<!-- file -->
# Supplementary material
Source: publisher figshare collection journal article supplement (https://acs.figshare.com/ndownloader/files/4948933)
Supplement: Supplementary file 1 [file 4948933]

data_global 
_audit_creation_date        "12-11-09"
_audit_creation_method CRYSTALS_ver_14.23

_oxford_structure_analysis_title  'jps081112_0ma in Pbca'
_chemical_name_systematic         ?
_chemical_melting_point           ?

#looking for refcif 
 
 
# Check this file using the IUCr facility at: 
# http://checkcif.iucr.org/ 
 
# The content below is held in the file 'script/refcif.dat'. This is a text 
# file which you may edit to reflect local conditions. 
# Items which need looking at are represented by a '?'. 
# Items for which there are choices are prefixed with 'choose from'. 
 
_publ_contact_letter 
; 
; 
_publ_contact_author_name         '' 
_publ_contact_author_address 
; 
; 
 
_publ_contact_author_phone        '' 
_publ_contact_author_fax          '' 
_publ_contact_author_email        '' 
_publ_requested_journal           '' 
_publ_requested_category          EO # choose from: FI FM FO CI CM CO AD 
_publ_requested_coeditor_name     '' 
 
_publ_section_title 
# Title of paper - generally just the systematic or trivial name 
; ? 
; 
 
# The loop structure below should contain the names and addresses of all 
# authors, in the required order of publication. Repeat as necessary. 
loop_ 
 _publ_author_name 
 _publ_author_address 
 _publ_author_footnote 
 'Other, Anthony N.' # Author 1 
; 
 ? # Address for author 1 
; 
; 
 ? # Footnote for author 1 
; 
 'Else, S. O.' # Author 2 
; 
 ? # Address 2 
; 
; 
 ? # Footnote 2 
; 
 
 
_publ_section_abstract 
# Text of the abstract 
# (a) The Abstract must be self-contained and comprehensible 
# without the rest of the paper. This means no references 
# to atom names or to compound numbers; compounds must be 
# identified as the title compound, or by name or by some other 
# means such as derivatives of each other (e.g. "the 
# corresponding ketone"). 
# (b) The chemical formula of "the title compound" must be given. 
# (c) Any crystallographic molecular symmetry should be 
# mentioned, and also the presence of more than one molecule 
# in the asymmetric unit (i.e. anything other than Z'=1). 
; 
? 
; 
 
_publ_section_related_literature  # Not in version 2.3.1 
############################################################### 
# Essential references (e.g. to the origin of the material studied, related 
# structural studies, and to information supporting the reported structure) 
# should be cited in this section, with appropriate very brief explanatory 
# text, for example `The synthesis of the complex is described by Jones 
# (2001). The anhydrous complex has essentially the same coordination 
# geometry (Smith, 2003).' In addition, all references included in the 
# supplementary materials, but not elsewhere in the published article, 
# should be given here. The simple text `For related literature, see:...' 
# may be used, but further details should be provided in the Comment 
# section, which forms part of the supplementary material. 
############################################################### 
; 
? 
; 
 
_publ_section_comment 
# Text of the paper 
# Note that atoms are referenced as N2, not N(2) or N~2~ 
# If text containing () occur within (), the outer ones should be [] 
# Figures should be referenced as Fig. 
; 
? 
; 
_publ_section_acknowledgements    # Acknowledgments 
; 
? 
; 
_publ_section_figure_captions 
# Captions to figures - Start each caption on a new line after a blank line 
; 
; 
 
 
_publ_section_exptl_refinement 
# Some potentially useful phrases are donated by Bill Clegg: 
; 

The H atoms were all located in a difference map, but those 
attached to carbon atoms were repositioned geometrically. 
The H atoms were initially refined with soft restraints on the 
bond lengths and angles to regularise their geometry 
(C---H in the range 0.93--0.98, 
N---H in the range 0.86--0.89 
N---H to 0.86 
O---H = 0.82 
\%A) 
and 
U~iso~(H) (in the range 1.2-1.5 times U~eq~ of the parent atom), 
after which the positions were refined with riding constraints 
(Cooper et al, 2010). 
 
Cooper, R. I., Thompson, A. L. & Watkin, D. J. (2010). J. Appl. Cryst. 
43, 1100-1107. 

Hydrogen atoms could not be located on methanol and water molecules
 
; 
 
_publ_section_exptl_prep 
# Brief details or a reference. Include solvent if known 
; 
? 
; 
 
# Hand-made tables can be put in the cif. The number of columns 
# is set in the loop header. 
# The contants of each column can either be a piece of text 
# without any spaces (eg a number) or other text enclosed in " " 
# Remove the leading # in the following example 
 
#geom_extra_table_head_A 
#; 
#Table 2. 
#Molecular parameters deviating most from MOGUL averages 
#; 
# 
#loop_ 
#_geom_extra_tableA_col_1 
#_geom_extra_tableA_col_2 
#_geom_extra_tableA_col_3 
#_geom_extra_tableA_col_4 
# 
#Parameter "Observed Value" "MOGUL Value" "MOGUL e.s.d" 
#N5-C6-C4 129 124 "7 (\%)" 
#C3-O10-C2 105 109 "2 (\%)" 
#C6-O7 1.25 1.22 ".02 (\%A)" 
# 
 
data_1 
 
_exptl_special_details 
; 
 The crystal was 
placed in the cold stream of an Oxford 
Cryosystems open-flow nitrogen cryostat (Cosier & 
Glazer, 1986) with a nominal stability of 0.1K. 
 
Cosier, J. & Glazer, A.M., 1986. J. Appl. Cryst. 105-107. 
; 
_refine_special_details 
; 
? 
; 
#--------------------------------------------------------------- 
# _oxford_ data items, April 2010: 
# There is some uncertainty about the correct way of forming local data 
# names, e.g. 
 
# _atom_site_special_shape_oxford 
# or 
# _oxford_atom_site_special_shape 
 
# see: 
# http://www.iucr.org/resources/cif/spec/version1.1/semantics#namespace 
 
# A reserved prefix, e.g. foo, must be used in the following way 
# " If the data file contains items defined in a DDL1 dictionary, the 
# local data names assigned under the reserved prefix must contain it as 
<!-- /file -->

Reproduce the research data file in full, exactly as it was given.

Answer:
# Supplementary material
Source: publisher figshare collection journal article supplement (https://acs.figshare.com/ndownloader/files/4948933)
Supplement: Supplementary file 1 [file 4948933]

data_global 
_audit_creation_date        "12-11-09"
_audit_creation_method CRYSTALS_ver_14.23

_oxford_structure_analysis_title  'jps081112_0ma in Pbca'
_chemical_name_systematic         ?
_chemical_melting_point           ?

#looking for refcif 
 
 
# Check this file using the IUCr facility at: 
# http://checkcif.iucr.org/ 
 
# The content below is held in the file 'script/refcif.dat'. This is a text 
# file which you may edit to reflect local conditions. 
# Items which need looking at are represented by a '?'. 
# Items for which there are choices are prefixed with 'choose from'. 
 
_publ_contact_letter 
; 
; 
_publ_contact_author_name         '' 
_publ_contact_author_address 
; 
; 
 
_publ_contact_author_phone        '' 
_publ_contact_author_fax          '' 
_publ_contact_author_email        '' 
_publ_requested_journal           '' 
_publ_requested_category          EO # choose from: FI FM FO CI CM CO AD 
_publ_requested_coeditor_name     '' 
 
_publ_section_title 
# Title of paper - generally just the systematic or trivial name 
; ? 
; 
 
# The loop structure below should contain the names and addresses of all 
# authors, in the required order of publication. Repeat as necessary. 
loop_ 
 _publ_author_name 
 _publ_author_address 
 _publ_author_footnote 
 'Other, Anthony N.' # Author 1 
; 
 ? # Address for author 1 
; 
; 
 ? # Footnote for author 1 
; 
 'Else, S. O.' # Author 2 
; 
 ? # Address 2 
; 
; 
 ? # Footnote 2 
; 
 
 
_publ_section_abstract 
# Text of the abstract 
# (a) The Abstract must be self-contained and comprehensible 
# without the rest of the paper. This means no references 
# to atom names or to compound numbers; compounds must be 
# identified as the title compound, or by name or by some other 
# means such as derivatives of each other (e.g. "the 
# corresponding ketone"). 
# (b) The chemical formula of "the title compound" must be given. 
# (c) Any crystallographic molecular symmetry should be 
# mentioned, and also the presence of more than one molecule 
# in the asymmetric unit (i.e. anything other than Z'=1). 
; 
? 
; 
 
_publ_section_related_literature  # Not in version 2.3.1 
############################################################### 
# Essential references (e.g. to the origin of the material studied, related 
# structural studies, and to information supporting the reported structure) 
# should be cited in this section, with appropriate very brief explanatory 
# text, for example `The synthesis of the complex is described by Jones 
# (2001). The anhydrous complex has essentially the same coordination 
# geometry (Smith, 2003).' In addition, all references included in the 
# supplementary materials, but not elsewhere in the published article, 
# should be given here. The simple text `For related literature, see:...' 
# may be used, but further details should be provided in the Comment 
# section, which forms part of the supplementary material. 
############################################################### 
; 
? 
; 
 
_publ_section_comment 
# Text of the paper 
# Note that atoms are referenced as N2, not N(2) or N~2~ 
# If text containing () occur within (), the outer ones should be [] 
# Figures should be referenced as Fig. 
; 
? 
; 
_publ_section_acknowledgements    # Acknowledgments 
; 
? 
; 
_publ_section_figure_captions 
# Captions to figures - Start each caption on a new line after a blank line 
; 
; 
 
 
_publ_section_exptl_refinement 
# Some potentially useful phrases are donated by Bill Clegg: 
; 

The H atoms were all located in a difference map, but those 
attached to carbon atoms were repositioned geometrically. 
The H atoms were initially refined with soft restraints on the 
bond lengths and angles to regularise their geometry 
(C---H in the range 0.93--0.98, 
N---H in the range 0.86--0.89 
N---H to 0.86 
O---H = 0.82 
\%A) 
and 
U~iso~(H) (in the range 1.2-1.5 times U~eq~ of the parent atom), 
after which the positions were refined with riding constraints 
(Cooper et al, 2010). 
 
Cooper, R. I., Thompson, A. L. & Watkin, D. J. (2010). J. Appl. Cryst. 
43, 1100-1107. 

Hydrogen atoms could not be located on methanol and water molecules
 
; 
 
_publ_section_exptl_prep 
# Brief details or a reference. Include solvent if known 
; 
? 
; 
 
# Hand-made tables can be put in the cif. The number of columns 
# is set in the loop header. 
# The contants of each column can either be a piece of text 
# without any spaces (eg a number) or other text enclosed in " " 
# Remove the leading # in the following example 
 
#geom_extra_table_head_A 
#; 
#Table 2. 
#Molecular parameters deviating most from MOGUL averages 
#; 
# 
#loop_ 
#_geom_extra_tableA_col_1 
#_geom_extra_tableA_col_2 
#_geom_extra_tableA_col_3 
#_geom_extra_tableA_col_4 
# 
#Parameter "Observed Value" "MOGUL Value" "MOGUL e.s.d" 
#N5-C6-C4 129 124 "7 (\%)" 
#C3-O10-C2 105 109 "2 (\%)" 
#C6-O7 1.25 1.22 ".02 (\%A)" 
# 
 
data_1 
 
_exptl_special_details 
; 
 The crystal was 
placed in the cold stream of an Oxford 
Cryosystems open-flow nitrogen cryostat (Cosier & 
Glazer, 1986) with a nominal stability of 0.1K. 
 
Cosier, J. & Glazer, A.M., 1986. J. Appl. Cryst. 105-107. 
; 
_refine_special_details 
; 
? 
; 
#--------------------------------------------------------------- 
# _oxford_ data items, April 2010: 
# There is some uncertainty about the correct way of forming local data 
# names, e.g. 
 
# _atom_site_special_shape_oxford 
# or 
# _oxford_atom_site_special_shape 
 
# see: 
# http://www.iucr.org/resources/cif/spec/version1.1/semantics#namespace 
 
# A reserved prefix, e.g. foo, must be used in the following way 
# " If the data file contains items defined in a DDL1 dictionary, the 
# local data names assigned under the reserved prefix must contain it as 